Evaluative research is needed to examine the relative costs, benefits, and effectiveness of CBPR and other types of public health research. For example, relative to nonparticipatory research studies that do not involve partnerships with community residents or organizations, to what extent are findings from CBPR studies more likely to be disseminated to diverse audiences and to be translated into useful outcomes such as improvements in policy?36 The evaluation of CBPR approaches to address public health concerns would be facilitated by enhancing ongoing systematic literature reviews such as the Guide to Community Preventive Services (www.thecommunityguide.org) so that community-engaged studies— and CBPR studies in particular—are distinguished from those that are not community engaged.
Another future direction is the need for additional CBPR studies involving adolescents and elders who are in the oldest decades of life. For a variety of health topics, the vast majority of published CBPR studies have involved adults or recently retired persons. However, studies indicate that CBPR approaches can successfully address the health concerns of teenagers7,8,26,37-47 and people who are in the oldest decades of life.48,49 Community-based participatory research is an effective approach for addressing disparities in both adolescent health and gerontology.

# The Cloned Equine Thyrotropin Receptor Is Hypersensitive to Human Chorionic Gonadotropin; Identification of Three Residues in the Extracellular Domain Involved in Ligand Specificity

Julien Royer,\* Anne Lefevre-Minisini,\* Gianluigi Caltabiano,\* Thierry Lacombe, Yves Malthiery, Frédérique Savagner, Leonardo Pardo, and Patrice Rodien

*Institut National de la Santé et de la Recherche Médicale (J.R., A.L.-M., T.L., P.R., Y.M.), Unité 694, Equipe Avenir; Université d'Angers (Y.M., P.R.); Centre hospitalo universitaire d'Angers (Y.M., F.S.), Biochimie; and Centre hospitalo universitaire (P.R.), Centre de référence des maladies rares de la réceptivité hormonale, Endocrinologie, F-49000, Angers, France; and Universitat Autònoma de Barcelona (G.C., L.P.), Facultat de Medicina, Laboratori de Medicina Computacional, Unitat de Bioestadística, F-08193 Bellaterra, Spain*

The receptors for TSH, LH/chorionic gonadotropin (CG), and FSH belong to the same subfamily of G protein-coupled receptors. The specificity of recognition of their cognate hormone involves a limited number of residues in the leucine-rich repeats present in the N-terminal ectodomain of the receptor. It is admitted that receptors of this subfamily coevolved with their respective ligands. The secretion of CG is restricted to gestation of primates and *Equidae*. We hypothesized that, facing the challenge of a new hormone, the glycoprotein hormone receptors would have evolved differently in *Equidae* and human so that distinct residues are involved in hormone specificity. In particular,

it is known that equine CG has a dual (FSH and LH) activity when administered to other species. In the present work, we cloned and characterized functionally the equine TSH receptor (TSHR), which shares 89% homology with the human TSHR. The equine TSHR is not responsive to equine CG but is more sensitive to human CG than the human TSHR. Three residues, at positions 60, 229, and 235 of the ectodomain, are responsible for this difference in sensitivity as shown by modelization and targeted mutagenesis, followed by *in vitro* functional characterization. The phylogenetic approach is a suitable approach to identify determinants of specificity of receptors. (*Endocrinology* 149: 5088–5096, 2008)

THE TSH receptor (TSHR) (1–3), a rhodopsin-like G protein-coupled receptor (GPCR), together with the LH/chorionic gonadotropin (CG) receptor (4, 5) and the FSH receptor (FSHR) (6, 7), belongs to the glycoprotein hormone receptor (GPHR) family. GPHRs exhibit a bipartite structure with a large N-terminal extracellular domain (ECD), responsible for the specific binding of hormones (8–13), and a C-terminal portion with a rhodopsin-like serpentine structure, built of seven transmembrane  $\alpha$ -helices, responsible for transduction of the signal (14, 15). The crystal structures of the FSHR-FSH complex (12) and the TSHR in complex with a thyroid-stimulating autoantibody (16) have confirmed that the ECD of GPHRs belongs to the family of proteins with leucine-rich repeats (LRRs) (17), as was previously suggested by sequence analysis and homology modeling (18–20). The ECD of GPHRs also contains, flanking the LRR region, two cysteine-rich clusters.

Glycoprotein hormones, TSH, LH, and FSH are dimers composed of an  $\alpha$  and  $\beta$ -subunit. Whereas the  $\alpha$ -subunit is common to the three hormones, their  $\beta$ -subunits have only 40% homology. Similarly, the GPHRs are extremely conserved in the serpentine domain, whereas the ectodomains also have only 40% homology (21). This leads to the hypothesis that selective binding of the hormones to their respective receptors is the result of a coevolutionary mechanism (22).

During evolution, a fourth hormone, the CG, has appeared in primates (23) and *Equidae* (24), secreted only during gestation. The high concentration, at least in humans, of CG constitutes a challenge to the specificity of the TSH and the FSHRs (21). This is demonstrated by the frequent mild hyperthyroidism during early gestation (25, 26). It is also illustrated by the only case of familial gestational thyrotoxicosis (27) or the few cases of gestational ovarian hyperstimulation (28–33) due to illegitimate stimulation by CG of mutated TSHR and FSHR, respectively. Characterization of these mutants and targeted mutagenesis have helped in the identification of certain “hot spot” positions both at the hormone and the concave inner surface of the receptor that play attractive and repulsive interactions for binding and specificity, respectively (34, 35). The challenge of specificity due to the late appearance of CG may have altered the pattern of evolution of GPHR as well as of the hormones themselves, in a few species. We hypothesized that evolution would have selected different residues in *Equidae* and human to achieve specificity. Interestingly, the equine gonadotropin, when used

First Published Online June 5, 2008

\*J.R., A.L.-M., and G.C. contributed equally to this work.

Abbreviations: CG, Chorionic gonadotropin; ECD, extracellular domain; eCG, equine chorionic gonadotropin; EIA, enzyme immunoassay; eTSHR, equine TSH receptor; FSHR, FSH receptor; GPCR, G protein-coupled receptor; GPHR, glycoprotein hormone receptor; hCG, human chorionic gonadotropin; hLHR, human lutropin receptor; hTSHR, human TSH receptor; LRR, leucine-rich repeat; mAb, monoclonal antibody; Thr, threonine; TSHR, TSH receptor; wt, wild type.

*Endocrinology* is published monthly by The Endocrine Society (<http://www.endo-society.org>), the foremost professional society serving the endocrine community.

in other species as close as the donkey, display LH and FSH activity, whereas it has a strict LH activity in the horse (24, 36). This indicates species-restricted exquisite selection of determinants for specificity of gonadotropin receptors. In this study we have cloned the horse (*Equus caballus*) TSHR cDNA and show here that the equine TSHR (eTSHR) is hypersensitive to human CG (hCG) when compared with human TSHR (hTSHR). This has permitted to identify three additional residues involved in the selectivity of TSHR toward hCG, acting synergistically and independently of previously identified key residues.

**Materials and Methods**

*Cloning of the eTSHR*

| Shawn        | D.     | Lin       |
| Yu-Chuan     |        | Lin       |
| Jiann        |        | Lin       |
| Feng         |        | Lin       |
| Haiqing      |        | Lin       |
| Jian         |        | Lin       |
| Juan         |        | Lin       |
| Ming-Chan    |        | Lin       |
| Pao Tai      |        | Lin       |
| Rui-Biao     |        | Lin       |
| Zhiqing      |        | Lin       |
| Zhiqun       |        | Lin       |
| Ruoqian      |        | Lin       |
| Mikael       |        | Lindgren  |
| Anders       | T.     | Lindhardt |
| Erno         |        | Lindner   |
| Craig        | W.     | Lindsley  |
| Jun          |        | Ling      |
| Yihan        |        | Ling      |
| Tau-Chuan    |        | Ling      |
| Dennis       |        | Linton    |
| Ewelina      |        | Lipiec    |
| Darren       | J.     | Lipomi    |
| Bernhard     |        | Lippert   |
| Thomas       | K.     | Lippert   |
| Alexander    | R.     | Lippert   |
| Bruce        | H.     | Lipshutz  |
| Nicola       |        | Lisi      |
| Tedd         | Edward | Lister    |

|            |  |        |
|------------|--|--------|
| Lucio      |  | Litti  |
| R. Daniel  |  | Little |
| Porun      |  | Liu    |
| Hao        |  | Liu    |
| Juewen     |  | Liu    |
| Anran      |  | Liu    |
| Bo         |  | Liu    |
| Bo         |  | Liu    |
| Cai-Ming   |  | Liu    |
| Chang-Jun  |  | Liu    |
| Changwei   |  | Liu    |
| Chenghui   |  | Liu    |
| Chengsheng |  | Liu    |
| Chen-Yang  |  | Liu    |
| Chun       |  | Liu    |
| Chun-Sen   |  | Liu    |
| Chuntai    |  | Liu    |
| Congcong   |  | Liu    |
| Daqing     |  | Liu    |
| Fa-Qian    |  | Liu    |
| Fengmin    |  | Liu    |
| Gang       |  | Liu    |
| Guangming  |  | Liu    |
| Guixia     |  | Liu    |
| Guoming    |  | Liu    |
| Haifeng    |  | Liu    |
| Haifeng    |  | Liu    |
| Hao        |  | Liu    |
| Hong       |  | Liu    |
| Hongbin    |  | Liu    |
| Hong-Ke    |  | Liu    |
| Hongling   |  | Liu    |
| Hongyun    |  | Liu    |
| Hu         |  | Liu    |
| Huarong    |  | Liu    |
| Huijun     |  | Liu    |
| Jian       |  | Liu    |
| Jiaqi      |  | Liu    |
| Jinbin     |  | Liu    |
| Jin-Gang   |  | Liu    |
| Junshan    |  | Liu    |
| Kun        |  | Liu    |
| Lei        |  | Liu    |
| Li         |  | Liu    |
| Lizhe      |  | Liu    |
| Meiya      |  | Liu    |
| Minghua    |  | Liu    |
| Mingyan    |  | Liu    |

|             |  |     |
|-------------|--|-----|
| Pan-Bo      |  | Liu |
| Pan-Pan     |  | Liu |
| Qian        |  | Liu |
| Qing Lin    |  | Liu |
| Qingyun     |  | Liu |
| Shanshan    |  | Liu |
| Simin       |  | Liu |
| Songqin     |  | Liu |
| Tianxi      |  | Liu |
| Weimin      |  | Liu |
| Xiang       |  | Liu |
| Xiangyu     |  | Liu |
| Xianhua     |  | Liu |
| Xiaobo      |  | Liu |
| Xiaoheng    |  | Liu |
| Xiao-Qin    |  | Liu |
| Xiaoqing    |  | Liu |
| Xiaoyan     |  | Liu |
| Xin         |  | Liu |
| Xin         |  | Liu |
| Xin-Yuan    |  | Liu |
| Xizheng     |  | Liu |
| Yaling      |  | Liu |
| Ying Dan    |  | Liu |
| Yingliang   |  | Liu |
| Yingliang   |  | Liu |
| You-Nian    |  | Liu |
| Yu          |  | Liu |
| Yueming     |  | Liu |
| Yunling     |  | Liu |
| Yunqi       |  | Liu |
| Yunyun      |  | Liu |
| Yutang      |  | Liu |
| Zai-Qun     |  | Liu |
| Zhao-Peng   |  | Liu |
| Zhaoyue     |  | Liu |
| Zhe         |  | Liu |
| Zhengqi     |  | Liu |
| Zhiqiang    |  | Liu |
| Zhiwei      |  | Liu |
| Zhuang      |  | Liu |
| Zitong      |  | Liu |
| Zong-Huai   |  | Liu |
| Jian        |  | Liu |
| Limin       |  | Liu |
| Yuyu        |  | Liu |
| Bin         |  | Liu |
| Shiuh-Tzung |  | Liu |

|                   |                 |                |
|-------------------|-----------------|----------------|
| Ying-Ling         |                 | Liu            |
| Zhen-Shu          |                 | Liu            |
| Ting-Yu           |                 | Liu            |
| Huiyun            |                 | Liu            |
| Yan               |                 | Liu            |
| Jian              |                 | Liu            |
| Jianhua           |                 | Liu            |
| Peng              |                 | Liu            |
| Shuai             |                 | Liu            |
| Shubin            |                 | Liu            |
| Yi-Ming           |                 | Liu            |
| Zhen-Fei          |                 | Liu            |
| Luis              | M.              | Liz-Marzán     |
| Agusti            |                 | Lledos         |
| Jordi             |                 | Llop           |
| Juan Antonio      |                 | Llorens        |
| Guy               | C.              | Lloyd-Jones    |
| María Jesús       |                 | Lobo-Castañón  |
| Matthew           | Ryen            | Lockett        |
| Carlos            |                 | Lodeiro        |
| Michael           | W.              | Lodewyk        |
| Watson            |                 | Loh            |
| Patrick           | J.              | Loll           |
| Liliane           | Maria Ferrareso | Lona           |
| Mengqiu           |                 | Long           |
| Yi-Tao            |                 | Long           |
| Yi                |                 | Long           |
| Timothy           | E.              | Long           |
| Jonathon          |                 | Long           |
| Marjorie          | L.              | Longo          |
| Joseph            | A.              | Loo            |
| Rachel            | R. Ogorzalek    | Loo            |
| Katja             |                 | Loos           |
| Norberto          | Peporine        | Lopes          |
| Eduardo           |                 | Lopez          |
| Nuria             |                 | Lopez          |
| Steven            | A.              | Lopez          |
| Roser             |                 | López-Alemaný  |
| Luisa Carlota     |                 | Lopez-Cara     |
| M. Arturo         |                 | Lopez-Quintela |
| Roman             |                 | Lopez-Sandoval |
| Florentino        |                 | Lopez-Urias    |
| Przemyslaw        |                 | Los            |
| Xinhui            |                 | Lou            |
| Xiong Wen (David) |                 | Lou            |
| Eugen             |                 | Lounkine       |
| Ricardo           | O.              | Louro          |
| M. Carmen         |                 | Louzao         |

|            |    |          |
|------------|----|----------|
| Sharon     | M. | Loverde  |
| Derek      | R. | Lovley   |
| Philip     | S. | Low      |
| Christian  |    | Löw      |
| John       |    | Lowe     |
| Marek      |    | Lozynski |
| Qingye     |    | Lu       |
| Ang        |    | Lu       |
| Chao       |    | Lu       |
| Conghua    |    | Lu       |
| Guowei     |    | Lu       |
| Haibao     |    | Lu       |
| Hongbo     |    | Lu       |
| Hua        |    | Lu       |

Future directions should include additional CPBR studies of adult-onset chronic illnesses such as diabetes, cardiovascular disease, and obesity involving communities in middle-income countries such as India, China, and Brazil, where the prevalence of overweight and obesity is rising rapidly.50 In addition, CBPR projects that have been conducted to address malaria in low-income countries in sub-Saharan Africa should be translated to address other arthropod-borne diseases such as Chikungunya virus infection and Zika virus infection.51,52